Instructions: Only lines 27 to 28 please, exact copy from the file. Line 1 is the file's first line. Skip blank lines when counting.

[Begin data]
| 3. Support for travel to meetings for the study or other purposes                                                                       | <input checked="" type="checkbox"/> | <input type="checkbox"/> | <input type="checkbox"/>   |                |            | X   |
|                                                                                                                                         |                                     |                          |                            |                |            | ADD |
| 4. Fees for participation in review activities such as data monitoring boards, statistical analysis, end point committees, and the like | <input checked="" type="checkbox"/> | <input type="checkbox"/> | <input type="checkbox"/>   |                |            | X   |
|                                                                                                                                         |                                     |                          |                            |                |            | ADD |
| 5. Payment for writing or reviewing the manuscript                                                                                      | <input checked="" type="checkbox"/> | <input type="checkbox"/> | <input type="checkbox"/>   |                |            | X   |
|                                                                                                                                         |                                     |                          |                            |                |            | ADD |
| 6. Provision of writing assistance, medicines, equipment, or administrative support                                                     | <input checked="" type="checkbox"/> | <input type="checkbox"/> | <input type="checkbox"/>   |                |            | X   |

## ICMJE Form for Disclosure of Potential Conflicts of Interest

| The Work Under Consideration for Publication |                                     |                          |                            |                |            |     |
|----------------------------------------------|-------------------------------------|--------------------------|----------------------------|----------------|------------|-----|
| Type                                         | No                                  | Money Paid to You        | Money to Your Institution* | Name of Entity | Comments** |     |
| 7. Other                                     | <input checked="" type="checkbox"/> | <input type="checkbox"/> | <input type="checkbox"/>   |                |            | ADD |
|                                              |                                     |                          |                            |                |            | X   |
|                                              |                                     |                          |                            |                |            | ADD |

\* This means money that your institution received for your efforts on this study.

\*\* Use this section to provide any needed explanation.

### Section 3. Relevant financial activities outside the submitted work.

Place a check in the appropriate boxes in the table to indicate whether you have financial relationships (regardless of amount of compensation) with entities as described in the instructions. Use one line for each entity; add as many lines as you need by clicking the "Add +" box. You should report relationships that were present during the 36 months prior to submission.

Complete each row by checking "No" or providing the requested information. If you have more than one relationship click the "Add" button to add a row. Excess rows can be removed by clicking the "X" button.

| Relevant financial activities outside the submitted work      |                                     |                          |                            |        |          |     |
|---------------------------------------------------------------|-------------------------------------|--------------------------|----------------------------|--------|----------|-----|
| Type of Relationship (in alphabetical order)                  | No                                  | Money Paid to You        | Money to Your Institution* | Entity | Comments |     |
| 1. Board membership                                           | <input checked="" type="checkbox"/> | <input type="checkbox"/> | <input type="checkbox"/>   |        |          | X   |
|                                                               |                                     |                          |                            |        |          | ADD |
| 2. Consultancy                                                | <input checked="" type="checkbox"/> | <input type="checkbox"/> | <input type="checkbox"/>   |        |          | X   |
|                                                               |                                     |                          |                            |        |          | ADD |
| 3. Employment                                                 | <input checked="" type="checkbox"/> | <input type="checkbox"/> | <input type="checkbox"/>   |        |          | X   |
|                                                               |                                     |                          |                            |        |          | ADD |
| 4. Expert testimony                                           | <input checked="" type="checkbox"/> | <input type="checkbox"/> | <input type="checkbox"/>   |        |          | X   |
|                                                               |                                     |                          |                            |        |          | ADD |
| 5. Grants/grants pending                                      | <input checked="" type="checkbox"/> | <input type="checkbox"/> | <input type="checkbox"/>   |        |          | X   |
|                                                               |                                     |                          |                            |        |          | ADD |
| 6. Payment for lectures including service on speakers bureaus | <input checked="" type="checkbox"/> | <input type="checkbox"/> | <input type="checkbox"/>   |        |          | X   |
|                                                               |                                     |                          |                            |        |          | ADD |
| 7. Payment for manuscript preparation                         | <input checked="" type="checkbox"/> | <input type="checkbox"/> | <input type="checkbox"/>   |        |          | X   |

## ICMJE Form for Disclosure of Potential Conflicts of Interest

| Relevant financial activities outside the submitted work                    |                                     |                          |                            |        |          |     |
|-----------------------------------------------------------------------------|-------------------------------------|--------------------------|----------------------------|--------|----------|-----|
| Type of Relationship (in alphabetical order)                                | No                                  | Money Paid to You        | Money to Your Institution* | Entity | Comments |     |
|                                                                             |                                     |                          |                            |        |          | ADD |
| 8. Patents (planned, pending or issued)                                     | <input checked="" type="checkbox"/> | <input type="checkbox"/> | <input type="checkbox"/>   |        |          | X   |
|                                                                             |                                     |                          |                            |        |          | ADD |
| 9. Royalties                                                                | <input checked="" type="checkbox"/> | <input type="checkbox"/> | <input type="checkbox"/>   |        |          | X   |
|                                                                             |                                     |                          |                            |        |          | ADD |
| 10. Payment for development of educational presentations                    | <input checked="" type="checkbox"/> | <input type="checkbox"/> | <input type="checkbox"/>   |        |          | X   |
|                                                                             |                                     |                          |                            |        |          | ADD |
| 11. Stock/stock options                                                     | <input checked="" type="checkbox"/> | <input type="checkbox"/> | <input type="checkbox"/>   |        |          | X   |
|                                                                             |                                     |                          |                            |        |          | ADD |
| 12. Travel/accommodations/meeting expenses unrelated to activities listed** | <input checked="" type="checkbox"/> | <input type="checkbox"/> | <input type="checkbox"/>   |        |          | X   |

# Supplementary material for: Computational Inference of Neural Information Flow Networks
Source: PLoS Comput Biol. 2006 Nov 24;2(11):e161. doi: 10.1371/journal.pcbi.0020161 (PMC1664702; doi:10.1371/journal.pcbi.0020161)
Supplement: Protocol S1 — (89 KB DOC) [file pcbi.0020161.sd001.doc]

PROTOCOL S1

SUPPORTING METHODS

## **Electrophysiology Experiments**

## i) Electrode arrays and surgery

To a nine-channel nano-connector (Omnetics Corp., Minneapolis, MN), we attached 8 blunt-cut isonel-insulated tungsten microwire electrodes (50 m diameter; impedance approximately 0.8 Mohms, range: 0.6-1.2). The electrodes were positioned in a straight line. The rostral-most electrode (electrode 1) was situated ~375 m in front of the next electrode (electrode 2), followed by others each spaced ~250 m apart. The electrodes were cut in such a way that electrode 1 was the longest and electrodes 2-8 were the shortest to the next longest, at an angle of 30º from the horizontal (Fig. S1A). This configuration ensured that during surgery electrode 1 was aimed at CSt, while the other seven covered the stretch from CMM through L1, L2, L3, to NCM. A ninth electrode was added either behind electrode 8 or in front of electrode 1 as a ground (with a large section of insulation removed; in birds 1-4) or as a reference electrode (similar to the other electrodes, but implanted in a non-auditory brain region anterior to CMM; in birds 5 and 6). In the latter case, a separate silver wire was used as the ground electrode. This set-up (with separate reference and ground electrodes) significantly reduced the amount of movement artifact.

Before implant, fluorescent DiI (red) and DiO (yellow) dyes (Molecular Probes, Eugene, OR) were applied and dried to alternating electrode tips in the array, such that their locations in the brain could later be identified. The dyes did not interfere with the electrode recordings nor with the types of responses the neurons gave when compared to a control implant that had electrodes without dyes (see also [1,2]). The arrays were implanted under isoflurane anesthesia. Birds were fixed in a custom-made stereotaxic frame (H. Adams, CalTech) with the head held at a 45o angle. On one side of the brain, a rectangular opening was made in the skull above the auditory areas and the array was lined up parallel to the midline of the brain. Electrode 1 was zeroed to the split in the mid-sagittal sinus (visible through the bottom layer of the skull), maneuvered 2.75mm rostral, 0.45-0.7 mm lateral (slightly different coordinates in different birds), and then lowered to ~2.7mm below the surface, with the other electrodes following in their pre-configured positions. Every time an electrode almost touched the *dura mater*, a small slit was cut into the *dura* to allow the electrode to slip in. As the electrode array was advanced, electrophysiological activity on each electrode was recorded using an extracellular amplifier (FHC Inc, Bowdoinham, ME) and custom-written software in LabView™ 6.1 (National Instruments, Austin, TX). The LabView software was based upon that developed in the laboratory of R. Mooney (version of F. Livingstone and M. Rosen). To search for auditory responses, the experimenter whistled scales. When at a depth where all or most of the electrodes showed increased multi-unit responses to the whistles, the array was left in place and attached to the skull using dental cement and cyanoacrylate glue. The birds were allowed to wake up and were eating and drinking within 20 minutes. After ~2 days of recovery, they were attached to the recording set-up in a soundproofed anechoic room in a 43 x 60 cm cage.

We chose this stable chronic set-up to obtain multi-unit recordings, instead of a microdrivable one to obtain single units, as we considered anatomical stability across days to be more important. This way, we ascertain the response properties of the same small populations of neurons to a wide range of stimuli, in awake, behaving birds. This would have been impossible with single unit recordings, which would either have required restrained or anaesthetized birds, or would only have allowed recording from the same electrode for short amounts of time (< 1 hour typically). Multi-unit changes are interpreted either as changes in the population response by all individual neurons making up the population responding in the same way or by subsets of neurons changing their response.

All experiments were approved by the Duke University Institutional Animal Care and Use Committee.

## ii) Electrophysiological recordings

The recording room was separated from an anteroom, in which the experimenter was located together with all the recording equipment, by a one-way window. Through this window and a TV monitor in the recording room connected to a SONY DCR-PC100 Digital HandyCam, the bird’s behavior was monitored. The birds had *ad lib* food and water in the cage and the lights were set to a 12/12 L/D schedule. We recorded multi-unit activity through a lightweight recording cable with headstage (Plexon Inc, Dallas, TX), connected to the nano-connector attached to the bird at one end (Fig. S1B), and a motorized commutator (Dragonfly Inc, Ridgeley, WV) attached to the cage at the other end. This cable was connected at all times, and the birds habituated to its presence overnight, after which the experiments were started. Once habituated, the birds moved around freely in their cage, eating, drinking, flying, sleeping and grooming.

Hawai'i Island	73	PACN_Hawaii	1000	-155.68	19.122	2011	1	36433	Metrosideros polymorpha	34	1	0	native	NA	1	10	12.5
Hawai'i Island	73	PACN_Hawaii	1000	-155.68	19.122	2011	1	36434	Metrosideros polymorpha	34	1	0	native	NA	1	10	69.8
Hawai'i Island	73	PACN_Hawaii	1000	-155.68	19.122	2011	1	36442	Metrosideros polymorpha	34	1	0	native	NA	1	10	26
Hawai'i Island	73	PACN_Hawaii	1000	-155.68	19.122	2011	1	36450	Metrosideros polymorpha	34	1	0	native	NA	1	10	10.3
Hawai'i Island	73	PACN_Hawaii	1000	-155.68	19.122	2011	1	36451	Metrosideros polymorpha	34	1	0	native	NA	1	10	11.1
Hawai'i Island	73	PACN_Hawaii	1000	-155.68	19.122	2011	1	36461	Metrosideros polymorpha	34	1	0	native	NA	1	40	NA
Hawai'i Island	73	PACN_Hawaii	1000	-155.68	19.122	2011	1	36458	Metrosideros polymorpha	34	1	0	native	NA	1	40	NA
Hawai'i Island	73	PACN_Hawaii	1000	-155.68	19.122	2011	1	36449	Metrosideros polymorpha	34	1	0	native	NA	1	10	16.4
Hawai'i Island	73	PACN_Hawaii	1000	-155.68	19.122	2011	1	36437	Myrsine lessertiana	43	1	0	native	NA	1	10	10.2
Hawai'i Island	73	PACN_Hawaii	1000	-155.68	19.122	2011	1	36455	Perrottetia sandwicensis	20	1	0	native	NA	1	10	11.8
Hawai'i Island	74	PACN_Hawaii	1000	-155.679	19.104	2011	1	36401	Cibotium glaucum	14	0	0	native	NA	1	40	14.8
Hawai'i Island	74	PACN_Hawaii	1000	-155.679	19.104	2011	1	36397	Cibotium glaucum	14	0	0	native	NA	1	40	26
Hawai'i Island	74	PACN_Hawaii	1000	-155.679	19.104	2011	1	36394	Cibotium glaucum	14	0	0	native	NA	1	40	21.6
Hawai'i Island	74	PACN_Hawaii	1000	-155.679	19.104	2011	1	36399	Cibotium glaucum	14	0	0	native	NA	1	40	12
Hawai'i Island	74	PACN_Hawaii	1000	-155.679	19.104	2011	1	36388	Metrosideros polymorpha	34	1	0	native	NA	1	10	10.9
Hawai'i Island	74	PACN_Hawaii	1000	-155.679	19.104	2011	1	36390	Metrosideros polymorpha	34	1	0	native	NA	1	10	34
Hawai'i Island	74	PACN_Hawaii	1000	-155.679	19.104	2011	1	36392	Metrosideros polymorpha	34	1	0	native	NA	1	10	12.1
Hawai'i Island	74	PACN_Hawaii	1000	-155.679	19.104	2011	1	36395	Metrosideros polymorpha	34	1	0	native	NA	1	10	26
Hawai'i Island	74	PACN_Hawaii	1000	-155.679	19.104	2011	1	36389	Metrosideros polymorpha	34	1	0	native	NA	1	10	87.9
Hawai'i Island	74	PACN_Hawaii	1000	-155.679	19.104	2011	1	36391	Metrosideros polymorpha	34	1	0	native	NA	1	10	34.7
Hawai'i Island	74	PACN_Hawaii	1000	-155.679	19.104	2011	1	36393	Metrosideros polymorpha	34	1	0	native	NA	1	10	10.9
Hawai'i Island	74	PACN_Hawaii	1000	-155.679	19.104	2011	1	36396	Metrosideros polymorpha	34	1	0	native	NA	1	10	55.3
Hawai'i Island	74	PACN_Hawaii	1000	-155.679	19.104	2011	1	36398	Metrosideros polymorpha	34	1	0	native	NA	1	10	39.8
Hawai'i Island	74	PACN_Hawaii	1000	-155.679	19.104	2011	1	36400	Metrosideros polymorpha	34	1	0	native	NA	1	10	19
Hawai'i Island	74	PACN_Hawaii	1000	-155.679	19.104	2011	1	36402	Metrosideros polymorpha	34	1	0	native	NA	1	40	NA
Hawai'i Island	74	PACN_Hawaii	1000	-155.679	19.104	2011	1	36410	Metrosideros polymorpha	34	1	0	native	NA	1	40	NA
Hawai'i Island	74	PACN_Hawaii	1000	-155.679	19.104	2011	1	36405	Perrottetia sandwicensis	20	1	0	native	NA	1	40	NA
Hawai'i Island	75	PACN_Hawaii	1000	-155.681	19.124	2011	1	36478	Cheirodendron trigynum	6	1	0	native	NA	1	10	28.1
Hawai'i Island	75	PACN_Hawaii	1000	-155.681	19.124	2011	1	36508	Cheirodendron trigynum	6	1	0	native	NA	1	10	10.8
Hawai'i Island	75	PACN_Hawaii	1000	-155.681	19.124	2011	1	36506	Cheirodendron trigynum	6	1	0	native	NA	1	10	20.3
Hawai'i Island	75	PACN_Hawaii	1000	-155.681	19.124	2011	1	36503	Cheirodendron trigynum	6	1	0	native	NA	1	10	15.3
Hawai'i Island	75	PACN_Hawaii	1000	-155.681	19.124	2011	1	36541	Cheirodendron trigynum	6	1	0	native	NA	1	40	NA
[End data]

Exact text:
| 3. Employment                                                 | <input checked="" type="checkbox"/> | <input type="checkbox"/> | <input type="checkbox"/>   |        |          | X   |
|                                                               |                                     |                          |                            |        |          | ADD |